Monday, May 11, 2015

Deferred Maintenance

When parents are raising their children, one of the most important and difficult lessons they must convey is responsibility for choices and actions. Use up your allowance on some toy that falls apart and…, leaving your bike unlocked at a public park, not doing your homework… to more serious, hanging out with the corner crack dealer… well we know the drill. The problem is that no one seems to have required such lessons from our elected officials. You don’t even see campaign promises linked to future consequences.
Because those elected – for offices like House representatives where a term of office is a mere two years – only have legal responsibility for what sits before them; consequences (however severe) that may occur in the future fall under some future SOB’s watch. These current officials will never be held accountable, no matter how badly they may be depicted in history books, by the future damage they wreak from bad decisions hastily decided. American politics doesn’t work that way, perhaps because our horrific general public educational system after years of budget cuts has increased public ignorance to unprecedented levels. The body politic blames the current incumbents for all wrongs, even if they inherited the worst decisions imaginable.
Indeed, even our vernacular has embraced this notion to new heights (depths?). “Kicking the can down the road,” “deferred maintenance,” “clean coal” (shoving the toxic effluents underground for future generations to deal with), etc. are simply business as usual within state legislatures and Congress. “We can’t afford that,” but we need “low taxes and loopholes” for the rich to stimulate job creation (despite the fact that that job creation has not occurred in the three plus decades that people have been touting that false mantra). If parent were to have raised a child with these values, it would be viewed by society as profoundly failed parenting. But we allow our elected officials to behave this way and usually reelect incumbent miscreants simply because they have higher visibility than outside candidates.
Bad inner city education is simply all we can afford, they say, but their numbers do not count the costs in the criminal justice system of processing and incarcerating dropouts with no serious job prospects outside of criminal activity. Hard costs from failed highway maintenance and expansion are hard to calculate, although if you live in a big city and have to drive, exactly how much time do you waste sitting in heavy traffic or repairing a vehicle pummeled by potholes and poorly maintained roads? We declared a badly-motivated (WMD) war on Iraq, dropped our efforts in Afghanistan, in 2003 and have spent trillions of dollars dealing with the aftermath of that decision ever since. The latest battles are all about ISIS, but issues extend way, way beyond.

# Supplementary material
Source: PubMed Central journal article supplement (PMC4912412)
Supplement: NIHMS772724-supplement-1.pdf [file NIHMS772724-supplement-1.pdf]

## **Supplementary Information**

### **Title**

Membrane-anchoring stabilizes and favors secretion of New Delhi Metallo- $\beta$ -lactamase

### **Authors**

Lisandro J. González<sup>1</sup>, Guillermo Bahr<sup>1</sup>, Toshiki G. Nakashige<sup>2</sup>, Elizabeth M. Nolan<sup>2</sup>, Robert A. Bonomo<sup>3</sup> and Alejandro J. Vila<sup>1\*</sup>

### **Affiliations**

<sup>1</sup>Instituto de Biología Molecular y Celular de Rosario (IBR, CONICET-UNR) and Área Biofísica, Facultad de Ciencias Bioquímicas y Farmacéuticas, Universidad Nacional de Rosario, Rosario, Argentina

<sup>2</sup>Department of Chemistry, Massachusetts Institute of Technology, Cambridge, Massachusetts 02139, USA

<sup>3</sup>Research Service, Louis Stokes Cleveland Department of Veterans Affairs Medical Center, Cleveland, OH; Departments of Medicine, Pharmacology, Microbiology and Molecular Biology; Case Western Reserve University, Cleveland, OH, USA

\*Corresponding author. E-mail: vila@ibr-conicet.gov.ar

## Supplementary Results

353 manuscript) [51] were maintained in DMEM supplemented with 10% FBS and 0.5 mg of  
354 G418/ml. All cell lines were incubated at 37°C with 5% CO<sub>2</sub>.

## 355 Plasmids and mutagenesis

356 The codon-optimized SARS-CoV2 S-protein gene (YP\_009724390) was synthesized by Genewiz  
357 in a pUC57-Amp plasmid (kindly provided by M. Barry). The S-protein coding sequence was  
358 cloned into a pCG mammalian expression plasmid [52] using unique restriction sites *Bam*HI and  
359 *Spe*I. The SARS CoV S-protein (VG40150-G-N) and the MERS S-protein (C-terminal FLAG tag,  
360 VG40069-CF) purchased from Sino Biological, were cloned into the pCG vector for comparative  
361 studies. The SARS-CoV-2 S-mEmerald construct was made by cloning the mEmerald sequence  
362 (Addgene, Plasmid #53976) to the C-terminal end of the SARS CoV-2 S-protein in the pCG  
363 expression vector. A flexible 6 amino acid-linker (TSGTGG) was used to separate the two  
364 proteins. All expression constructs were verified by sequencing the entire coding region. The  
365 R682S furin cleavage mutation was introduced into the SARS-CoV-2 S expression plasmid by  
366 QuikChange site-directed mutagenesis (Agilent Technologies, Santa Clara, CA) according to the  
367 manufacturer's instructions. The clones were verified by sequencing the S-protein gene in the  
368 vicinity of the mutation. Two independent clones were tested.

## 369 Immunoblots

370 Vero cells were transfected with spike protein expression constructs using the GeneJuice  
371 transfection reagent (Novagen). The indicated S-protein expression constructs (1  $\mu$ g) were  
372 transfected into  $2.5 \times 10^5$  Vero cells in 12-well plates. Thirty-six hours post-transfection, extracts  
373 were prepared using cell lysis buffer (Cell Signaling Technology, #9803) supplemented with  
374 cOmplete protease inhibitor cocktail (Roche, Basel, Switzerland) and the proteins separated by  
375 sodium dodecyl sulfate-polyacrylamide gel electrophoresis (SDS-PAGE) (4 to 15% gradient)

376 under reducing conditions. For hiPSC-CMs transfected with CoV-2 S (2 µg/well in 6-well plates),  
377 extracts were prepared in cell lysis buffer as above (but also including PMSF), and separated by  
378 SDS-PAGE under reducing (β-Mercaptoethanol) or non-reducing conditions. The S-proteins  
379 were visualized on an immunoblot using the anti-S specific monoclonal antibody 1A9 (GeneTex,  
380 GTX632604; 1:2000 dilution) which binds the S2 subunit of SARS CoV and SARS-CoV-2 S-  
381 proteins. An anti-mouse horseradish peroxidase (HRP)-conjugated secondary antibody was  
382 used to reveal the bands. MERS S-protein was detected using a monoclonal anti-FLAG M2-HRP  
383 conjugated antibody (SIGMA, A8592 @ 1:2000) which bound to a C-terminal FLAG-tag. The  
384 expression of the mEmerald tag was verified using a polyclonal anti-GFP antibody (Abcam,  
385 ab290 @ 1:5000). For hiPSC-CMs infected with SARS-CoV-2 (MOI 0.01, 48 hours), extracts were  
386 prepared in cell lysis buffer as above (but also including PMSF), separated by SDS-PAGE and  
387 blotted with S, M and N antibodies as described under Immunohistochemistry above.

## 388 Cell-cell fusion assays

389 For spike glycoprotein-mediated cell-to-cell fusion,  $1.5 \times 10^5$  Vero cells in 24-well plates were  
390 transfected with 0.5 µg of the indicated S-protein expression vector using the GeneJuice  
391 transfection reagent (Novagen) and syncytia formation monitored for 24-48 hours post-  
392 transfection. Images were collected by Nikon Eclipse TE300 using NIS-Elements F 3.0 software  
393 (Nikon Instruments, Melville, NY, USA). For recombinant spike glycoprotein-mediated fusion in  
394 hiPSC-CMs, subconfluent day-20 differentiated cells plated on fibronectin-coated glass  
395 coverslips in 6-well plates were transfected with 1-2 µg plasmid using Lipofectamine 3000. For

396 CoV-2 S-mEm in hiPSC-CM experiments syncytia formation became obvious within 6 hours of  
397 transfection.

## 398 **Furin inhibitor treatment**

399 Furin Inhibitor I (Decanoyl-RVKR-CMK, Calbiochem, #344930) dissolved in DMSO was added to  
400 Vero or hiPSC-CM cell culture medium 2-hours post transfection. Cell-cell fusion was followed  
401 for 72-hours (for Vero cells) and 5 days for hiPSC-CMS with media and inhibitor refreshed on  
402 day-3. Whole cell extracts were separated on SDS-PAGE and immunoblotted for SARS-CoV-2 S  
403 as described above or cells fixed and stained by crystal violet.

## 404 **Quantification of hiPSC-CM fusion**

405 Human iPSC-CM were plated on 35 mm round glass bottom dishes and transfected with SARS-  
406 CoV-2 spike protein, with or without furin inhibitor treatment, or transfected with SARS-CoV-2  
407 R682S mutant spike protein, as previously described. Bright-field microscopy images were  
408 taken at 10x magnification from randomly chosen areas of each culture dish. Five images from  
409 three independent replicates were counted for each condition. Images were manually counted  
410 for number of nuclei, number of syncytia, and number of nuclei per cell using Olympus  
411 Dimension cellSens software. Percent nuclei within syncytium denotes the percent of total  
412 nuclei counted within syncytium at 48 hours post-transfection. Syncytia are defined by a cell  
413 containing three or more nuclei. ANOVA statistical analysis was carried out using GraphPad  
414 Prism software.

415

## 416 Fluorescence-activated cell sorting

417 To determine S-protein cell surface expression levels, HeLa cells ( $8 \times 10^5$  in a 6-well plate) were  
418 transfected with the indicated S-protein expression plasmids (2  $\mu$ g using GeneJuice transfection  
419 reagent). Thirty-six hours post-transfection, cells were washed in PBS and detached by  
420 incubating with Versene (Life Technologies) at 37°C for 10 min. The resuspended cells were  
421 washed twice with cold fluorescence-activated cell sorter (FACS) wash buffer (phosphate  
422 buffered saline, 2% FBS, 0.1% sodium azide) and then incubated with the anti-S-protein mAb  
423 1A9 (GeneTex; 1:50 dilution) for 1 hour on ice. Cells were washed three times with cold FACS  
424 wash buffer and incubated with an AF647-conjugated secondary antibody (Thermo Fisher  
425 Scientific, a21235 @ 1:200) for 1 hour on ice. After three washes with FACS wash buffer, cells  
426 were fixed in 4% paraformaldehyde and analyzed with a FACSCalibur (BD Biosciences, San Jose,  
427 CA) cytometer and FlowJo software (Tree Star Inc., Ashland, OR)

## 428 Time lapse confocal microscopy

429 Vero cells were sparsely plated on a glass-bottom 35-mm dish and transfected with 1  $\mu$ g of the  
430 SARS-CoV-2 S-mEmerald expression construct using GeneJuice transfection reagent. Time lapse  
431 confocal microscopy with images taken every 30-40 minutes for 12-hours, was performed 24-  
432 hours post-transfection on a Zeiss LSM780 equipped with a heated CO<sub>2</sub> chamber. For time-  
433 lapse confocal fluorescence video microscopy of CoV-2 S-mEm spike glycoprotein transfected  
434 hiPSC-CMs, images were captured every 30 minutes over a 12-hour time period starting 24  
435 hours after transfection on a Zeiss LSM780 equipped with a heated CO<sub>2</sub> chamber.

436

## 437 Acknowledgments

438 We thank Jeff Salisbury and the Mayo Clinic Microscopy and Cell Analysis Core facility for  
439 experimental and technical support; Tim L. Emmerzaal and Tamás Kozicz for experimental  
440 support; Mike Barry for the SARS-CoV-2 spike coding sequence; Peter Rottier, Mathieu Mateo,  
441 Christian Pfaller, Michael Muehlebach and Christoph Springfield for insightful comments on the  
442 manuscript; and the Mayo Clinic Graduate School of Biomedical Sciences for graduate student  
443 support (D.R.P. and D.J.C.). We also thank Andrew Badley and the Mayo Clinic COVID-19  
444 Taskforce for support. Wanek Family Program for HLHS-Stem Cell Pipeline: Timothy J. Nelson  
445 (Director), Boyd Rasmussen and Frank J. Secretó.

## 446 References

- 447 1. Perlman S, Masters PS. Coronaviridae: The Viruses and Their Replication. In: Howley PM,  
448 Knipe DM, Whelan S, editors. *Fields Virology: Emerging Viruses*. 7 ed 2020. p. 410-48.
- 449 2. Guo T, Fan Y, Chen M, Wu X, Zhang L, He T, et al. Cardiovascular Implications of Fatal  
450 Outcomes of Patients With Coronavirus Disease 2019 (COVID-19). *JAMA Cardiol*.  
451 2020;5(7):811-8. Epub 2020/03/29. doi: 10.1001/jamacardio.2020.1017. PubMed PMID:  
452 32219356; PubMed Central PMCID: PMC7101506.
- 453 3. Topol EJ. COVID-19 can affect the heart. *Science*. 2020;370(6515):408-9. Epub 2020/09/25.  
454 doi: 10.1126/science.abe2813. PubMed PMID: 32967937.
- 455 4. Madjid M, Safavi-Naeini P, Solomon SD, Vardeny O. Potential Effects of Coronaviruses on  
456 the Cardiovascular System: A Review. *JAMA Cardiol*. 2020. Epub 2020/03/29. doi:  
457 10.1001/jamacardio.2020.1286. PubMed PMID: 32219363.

The costs of the summer 2005 Hurricane Katrina are reasonably well-known. Hey, it just happened. But a recent court decision lays much of the blame – and hence a whole pile of costs that are going to have to be paid – on our government’s willingness to cut or defer maintenance. “The federal government must pay for some of the flooding damage from Hurricane Katrina caused by failures of the hurricane protection system in the New Orleans area, a judge ruled [May 1st]… Judge Susan G. Braden of the United States Court of Federal Claims in Washington focused her decision on a navigation project built by the Army Corps of Engineers, a canal known as the Mississippi River-Gulf Outlet and nicknamed MR-GO.
“The canal has been linked to devastating flood damage in the Lower Ninth Ward neighborhood of New Orleans and damage to nearby St. Bernard Parish after the hurricane struck on Aug. 29, 2005. The canal has since been closed.
“Judge Braden referred to the 76-mile canal, which had ‘substantially expanded and eroded’ over the years, as a ‘ticking time bomb.’ She praised the Corps of Engineers in the suit, saying that it had been ‘open, transparent and helpful in educating the court to understand what happened.’ She was harshly critical of the Department of Justice, however, stating that it had ‘pursued a litigation strategy of contesting each and every issue.’” New York Times, May 1st.
In the end, one way or another, American taxpayers are going to pay through nose for all of those “kicking the can down the road” decisions, usually at a vast multiple of what it would have cost to do the right thing when the decision was initially faced. We know bridges and levees will fail – common knowledge. We know our roads suck – common knowledge. Most educated people know that massive changes in weather patterns – from fires and droughts to floods – are a direct consequence from not getting a global handle on containing greenhouse gasses. Oh, and we know our public school system is no longer globally competitive.
We subsidize industries by letting them pollute the general public environment without paying any of the sizeable costs. Congress will dispense tax dollars for defense and reduced taxes for the rich, but under a false belief that they are implementing “fiscal responsibility,” won’t act to prevent billions if not trillions of future costs in our inevitable future. Well, ladies and gentlemen, we just do not have the financial resources to keep doing this “can kicking” anymore! We need our elected officials to accept the consequences of their actions just the way we teach our kids to understand their need to take responsibility for their decisions.
I’m Peter Dekom, and if we don’t vote for people who understand the connection between their immediate decisions and longer term consequences, we must share the blame for the mess all around us.

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